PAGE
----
Posted 3 years ago
A very popular pattern to collect today among shaker collectors is Northwood’s Cactus pattern. This stylized cactus pattern is a square shaped shaker, narrowing slightly towards the top, that stands approx. 3 5/8 inches tall with a standard tin type lid. There is a Jewel type design on each of the 4 panels and well as an upward and downward curved design from just below the top down and from the bottom upwards. This pattern is entirely different from the perhaps the more well-known Cactus shakers produced by the Indiana Tumbler & Goblet Co. and should not be confused when seen.
The interesting aspect about this pattern is that it was produced in many colors and types of glass. Found in transparent colors, opaque, cased, and opalescent stripe makes it a great shaker to look for and a challenge to assemble all of the colors and glass types, which could potentially be upwards of 13 different colors and varieties! The opalescent stripe pattern is the only opalescent pattern I’m aware of on the Cactus shakers. I’m not aware of any other shapes that this pattern has showed up in, possibly a toothpick holder or sugar shaker would have been interesting.
An advertisement showing the Cactus shaker appeared in Crockery and Glass Journal, December, 1894 along with some other glass items made in the period.
The following are the colors that I can think of:
1. Cranberry Opalescent Stripe (Fig. 2)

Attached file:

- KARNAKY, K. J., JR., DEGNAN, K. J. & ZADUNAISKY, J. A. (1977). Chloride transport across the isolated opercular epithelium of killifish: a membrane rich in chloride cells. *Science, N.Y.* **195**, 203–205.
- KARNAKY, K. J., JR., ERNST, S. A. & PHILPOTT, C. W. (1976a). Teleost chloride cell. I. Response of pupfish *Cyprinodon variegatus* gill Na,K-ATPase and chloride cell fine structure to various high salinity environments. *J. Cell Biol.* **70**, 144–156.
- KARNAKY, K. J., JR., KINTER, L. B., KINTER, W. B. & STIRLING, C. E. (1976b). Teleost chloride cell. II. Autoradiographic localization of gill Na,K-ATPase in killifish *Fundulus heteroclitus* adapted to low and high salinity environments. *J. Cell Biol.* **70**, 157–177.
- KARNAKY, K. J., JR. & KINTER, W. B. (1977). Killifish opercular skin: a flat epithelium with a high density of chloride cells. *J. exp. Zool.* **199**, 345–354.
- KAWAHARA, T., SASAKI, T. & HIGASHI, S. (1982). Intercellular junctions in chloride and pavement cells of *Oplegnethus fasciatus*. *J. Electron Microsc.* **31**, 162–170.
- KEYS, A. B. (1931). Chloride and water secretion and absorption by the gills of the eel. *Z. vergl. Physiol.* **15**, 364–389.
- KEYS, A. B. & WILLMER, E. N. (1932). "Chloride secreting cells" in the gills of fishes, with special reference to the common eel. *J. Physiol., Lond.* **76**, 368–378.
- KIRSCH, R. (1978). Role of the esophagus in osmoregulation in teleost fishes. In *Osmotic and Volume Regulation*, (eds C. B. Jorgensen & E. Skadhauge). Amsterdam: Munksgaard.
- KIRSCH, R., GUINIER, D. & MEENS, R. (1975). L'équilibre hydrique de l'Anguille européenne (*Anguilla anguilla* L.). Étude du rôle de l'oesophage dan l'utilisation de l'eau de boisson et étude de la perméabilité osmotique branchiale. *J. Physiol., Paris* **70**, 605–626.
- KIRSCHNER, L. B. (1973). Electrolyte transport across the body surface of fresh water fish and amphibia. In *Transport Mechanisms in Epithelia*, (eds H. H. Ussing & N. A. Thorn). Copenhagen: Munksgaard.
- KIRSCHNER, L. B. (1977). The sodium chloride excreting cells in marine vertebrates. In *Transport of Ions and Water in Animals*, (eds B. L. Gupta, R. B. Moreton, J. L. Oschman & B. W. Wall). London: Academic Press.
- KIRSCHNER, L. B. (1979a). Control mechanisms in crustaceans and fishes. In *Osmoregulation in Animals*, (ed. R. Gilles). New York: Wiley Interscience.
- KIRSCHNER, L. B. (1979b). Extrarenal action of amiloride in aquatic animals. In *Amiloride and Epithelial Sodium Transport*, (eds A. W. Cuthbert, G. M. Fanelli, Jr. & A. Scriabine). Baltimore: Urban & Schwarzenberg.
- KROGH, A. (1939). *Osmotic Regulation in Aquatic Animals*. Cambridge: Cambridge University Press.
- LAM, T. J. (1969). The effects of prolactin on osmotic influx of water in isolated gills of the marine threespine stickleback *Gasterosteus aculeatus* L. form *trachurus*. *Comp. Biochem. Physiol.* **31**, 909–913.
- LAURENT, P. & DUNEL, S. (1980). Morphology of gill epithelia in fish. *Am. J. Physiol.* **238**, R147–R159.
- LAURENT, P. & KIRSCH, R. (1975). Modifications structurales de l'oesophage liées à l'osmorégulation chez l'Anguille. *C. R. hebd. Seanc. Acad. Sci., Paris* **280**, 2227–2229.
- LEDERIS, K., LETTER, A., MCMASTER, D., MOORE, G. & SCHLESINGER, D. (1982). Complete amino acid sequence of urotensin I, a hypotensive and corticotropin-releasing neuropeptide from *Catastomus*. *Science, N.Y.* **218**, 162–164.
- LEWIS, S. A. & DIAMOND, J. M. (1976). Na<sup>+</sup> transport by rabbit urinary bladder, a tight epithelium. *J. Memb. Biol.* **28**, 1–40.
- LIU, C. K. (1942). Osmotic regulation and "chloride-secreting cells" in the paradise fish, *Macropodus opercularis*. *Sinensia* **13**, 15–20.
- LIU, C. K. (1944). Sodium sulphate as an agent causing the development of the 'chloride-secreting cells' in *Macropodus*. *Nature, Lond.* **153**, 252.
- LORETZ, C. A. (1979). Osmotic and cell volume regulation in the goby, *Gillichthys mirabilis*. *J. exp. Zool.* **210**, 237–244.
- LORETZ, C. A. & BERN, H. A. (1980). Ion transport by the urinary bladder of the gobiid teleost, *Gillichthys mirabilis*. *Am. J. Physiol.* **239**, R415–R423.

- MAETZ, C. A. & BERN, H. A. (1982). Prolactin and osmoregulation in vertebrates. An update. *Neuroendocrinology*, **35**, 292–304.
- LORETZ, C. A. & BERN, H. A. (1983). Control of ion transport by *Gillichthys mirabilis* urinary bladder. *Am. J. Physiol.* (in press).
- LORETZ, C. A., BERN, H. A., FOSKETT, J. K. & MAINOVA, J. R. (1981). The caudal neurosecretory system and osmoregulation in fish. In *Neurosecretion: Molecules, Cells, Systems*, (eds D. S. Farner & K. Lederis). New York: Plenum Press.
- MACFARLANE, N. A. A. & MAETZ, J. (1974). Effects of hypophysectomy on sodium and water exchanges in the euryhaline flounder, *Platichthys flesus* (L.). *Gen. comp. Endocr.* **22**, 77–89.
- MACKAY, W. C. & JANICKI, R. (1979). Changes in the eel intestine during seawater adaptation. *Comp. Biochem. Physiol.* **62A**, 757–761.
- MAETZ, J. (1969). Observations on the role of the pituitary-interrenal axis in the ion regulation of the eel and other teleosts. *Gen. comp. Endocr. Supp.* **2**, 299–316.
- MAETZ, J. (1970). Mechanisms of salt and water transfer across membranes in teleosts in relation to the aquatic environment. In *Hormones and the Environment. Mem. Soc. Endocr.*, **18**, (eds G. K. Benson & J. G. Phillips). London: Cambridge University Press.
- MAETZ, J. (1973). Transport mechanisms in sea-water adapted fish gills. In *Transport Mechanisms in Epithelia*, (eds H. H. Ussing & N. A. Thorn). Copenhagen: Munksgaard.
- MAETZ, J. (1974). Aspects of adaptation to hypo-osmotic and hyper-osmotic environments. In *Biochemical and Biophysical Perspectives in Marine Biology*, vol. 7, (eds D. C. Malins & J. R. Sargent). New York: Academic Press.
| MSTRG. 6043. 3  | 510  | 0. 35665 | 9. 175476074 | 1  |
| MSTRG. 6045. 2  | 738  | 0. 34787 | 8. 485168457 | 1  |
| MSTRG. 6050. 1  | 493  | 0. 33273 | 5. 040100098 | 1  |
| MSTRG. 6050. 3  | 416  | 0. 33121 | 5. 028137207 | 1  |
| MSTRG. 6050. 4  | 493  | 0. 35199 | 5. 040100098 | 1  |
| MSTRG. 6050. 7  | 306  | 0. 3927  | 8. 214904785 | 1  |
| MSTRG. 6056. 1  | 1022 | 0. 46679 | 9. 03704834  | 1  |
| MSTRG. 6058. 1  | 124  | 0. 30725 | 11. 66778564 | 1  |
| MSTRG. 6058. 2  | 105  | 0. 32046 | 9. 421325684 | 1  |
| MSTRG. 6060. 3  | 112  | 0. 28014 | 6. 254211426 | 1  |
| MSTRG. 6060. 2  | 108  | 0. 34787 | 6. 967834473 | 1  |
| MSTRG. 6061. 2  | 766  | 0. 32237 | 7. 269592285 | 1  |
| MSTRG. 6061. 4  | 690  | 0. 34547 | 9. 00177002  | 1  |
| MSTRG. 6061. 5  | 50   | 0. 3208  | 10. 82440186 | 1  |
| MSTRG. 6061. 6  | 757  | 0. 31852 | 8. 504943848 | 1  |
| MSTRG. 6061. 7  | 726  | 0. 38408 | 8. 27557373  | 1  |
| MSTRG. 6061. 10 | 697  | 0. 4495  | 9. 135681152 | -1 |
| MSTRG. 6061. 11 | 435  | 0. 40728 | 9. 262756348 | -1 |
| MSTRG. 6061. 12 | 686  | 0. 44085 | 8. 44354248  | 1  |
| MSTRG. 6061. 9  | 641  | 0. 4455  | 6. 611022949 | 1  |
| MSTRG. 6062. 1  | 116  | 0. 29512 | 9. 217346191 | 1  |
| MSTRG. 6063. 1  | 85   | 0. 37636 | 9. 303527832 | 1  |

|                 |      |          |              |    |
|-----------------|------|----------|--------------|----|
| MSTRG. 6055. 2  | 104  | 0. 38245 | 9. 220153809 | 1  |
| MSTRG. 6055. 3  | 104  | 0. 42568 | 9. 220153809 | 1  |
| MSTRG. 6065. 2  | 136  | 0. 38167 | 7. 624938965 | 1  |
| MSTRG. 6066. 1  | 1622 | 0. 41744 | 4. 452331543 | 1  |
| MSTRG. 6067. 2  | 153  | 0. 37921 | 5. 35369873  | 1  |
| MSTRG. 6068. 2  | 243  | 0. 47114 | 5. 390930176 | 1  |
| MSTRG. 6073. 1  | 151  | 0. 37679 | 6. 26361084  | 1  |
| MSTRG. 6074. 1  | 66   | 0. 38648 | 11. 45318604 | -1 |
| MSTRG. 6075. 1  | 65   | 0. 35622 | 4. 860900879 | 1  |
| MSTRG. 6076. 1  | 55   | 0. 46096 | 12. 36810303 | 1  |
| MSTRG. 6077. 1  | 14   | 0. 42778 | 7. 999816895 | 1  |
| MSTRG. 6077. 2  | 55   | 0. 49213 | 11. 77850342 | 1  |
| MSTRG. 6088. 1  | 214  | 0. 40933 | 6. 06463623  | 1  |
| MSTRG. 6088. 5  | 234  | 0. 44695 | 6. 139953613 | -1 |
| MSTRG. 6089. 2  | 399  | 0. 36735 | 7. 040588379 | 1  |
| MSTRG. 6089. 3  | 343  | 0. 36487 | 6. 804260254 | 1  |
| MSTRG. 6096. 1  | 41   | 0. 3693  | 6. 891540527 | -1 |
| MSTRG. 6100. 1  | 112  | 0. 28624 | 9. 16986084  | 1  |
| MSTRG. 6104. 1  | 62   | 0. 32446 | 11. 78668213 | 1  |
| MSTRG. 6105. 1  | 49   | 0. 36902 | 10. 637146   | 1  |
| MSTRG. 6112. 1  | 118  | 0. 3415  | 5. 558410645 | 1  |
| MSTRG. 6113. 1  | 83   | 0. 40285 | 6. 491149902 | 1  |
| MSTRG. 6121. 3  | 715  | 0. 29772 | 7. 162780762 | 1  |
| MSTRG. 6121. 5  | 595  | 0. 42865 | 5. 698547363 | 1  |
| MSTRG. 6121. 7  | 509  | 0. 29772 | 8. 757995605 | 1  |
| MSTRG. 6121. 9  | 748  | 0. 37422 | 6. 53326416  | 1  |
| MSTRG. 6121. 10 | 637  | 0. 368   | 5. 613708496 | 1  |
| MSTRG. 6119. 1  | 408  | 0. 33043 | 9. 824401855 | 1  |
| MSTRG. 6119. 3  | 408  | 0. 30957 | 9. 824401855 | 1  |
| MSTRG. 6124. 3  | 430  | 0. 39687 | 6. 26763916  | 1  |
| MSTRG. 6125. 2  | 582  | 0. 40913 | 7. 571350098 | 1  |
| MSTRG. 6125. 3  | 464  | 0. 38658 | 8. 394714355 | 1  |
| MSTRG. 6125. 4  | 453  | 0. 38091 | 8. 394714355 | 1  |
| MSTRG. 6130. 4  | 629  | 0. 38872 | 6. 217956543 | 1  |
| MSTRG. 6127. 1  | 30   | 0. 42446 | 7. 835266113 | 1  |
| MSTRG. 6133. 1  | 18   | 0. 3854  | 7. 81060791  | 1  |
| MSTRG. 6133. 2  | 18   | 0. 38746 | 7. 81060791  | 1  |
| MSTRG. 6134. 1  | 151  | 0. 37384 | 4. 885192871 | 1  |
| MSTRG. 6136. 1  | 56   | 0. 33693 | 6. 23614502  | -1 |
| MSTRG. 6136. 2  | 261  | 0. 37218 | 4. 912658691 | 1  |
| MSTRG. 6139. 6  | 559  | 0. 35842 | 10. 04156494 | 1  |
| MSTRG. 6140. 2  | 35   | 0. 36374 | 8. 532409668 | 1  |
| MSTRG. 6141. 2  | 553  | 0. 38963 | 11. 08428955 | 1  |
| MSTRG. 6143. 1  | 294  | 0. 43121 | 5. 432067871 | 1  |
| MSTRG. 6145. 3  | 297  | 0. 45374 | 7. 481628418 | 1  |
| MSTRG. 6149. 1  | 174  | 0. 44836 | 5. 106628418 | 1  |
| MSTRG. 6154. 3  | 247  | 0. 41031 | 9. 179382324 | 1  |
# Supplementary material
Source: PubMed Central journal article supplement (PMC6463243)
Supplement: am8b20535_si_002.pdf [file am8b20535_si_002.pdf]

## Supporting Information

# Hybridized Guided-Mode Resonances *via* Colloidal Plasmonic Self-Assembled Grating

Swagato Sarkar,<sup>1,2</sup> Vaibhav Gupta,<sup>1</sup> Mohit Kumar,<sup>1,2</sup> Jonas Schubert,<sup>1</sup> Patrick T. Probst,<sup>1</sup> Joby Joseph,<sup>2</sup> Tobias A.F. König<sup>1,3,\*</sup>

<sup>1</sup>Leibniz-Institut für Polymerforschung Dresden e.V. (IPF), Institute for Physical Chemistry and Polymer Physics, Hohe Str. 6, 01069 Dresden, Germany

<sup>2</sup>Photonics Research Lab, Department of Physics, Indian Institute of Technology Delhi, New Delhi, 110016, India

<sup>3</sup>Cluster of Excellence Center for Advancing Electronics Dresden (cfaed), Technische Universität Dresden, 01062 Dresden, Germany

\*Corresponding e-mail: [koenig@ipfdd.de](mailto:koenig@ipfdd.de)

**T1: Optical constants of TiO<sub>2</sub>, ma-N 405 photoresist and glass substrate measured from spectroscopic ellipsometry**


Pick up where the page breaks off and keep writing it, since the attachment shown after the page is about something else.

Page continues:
2. Blue Opalescent Stripe (Fig. 2)
3. Canary Opalescent Stripe (Fig. 2)
4. Pink Cased (Fig. 3)
5. Green Cased (Fig.3)
6. Light Green Opaque (Fig. 4)
7. Darker Green Opaque
8. Blue Opaque (Fig. 4)
9. White Opalware (with & without decoration) (Fig. 4)
10. Clear Amethyst
11. Clear Apple Green
12. Clear Blue (Fig.5)
13. Clear Vaseline (Fig. 5)
I’m sure there are possibilities of other colors that may show up or variations in decoration.
In my opinion, the opalescent stripe examples are the rarest and the most desirable to collect. The canary opalescent example shown here has a most interesting story. This example was discovered under a street in Jersey City, NJ. When the street had to be dug up for water main repairs, a large grouping of bottles was discovered. Among the bottles this shaker was discovered! The other interesting thing about this shaker is that it survived unbroken for all these decades buried under a city street!
Note the satin, iridized finish on it due to being buried.
I would suspect that this was a popular line due to the vast number of colors that it was produced in. I believe that they came with a tin or maybe a nickel plated top over brass.
It has always amazed me the colors and varieties that went into seemingly every day utilitarian type items. But during this period, the competition was stiff and glass makers always had to come up with something new and exciting items to keep ahead, not to say that the Victorians used little restraint in fancy design.
As a shaker collector and not a glass researcher, I always try to write from a collector’s point of view. If anyone has any additional information or other color variations, I would love your input.